wherein said electronic control circuit (16) is characterized by:
said microprocessor (72) having a second input for receiving a signal indicative of the state of the ignition system, wherein said microprocessor is operable to enter a first mode in response to said reset signal on said first input and is operable to enter a second mode in response to receiving on said second input a signal indicative of the ignition system being switched from an on state to an off state.
11. An electronic control circuit as defined in claim 10, wherein said microprocessor (72) includes an output coupled to an input of said reset circuit (70) and wherein said microprocessor is operable when in said first mode to generate an inhibit signal on said input of said reset circuit, and further wherein said inhibit signal prevents said reset circuit from generating said reset signal.
Description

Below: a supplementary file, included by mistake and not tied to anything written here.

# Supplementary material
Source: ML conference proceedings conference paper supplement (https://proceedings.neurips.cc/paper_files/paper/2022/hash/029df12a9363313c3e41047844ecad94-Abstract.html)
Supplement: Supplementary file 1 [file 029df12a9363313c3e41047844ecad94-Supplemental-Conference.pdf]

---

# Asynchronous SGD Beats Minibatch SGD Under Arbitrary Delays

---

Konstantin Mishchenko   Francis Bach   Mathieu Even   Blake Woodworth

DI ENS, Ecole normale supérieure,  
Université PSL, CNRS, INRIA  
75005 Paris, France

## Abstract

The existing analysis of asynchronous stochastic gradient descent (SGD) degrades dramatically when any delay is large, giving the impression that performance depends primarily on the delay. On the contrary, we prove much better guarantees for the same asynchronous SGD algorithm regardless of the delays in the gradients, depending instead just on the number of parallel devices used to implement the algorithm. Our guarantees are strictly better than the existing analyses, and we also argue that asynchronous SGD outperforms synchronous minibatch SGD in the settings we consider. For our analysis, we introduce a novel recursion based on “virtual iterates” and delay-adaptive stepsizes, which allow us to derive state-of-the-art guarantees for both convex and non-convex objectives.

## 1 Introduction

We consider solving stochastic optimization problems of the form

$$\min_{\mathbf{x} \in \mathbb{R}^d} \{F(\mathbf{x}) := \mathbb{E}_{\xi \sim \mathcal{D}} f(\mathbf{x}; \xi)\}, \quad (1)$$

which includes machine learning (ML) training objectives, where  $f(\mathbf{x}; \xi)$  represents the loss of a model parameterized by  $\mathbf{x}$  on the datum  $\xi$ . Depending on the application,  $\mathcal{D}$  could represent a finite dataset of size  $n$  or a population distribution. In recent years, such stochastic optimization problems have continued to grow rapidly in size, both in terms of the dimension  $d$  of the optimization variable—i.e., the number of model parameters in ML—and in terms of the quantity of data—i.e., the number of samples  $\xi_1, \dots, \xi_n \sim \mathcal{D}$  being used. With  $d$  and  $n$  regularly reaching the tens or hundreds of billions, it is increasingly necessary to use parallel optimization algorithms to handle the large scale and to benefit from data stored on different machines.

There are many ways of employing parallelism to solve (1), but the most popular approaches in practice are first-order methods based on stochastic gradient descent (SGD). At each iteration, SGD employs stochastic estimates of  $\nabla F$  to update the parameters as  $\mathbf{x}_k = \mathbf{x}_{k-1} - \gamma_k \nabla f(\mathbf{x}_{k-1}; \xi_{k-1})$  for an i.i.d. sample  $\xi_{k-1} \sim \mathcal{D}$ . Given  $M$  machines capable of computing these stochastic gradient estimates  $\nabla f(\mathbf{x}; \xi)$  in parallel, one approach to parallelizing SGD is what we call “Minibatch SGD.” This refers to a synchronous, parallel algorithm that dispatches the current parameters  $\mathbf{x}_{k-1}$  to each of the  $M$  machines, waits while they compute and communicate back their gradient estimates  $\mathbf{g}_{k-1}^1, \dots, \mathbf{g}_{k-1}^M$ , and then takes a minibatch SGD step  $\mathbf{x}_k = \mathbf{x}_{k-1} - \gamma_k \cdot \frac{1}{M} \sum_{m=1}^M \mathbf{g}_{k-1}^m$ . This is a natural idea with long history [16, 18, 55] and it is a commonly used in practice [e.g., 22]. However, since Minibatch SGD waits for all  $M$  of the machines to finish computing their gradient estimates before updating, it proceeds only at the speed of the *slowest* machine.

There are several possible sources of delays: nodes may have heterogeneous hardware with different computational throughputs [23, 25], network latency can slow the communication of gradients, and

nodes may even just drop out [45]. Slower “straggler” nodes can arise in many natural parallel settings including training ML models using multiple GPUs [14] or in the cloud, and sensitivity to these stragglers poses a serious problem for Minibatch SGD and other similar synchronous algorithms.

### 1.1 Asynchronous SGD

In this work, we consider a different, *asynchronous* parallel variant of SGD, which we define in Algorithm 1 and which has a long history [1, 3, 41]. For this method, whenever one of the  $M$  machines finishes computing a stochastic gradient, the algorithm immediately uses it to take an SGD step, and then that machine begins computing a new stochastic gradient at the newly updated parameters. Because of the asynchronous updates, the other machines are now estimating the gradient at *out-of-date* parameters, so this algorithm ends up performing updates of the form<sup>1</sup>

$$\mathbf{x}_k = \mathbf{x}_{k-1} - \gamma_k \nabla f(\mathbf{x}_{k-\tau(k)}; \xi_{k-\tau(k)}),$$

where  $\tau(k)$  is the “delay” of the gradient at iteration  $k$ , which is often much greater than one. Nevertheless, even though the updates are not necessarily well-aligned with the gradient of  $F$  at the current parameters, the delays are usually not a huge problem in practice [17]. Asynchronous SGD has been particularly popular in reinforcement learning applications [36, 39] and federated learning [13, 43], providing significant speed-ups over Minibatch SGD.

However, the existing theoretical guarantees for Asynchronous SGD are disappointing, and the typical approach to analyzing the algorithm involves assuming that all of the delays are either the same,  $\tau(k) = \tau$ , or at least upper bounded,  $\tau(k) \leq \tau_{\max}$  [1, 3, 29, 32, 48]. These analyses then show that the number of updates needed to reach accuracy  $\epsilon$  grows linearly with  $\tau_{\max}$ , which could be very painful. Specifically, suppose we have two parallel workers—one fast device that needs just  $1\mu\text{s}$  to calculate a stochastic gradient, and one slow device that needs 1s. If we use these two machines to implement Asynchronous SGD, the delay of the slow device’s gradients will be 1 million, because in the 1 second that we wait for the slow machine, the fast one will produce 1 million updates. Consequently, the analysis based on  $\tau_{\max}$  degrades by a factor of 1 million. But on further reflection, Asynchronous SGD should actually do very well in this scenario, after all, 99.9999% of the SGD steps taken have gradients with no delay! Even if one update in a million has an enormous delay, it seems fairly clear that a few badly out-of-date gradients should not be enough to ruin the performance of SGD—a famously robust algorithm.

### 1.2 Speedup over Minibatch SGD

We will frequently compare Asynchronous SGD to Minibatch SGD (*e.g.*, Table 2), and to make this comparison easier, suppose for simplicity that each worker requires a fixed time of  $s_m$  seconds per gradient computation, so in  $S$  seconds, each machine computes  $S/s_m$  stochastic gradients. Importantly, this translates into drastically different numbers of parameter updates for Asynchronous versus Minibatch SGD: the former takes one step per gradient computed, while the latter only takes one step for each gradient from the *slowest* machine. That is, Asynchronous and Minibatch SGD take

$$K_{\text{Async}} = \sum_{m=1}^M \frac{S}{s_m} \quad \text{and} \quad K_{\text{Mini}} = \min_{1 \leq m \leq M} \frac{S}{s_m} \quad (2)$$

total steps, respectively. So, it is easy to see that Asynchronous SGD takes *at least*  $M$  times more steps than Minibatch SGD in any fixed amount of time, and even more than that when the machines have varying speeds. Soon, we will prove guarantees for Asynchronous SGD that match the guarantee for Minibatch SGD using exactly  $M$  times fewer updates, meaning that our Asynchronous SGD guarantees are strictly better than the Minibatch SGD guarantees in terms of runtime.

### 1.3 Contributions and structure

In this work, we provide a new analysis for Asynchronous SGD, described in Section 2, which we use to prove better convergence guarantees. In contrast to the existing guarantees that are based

TECHNICAL FIELD

The present invention relates generally to transfer case systems for full and part-time four-wheel drive automobiles and, more particularly, to such transfer case systems that switch driving modes under the control of a microprocessor based circuit.

BACKGROUND OF THE INVENTION

Transfer cases are used in full and part-time four-wheel drive (4WD) vehicles to distribute driving power received on an input shaft from the vehicle's transmission to a pair of output drive shafts, one of which drives the vehicle's front wheels and the other of which drives the vehicle's rear wheels. In vehicles that permit shifting between two-wheel drive (2WD) and 4WD modes, the input shaft provides continuous drive power to one of the output shafts and selectively provides drive power to the other output shaft via some type of a disengagable or otherwise adjustable coupling, such as a viscous coupling, electromagnetic clutch, or positionable spur gearing. Other drive modes are sometimes provided, including four-wheel high (4H) for higher 4WD speeds, four-wheel low (4L) for lower 4WD speeds, neutral for disengaging the transmission from the front and rear axles to allow towing, and locked 4WD for controlling wheel slippage.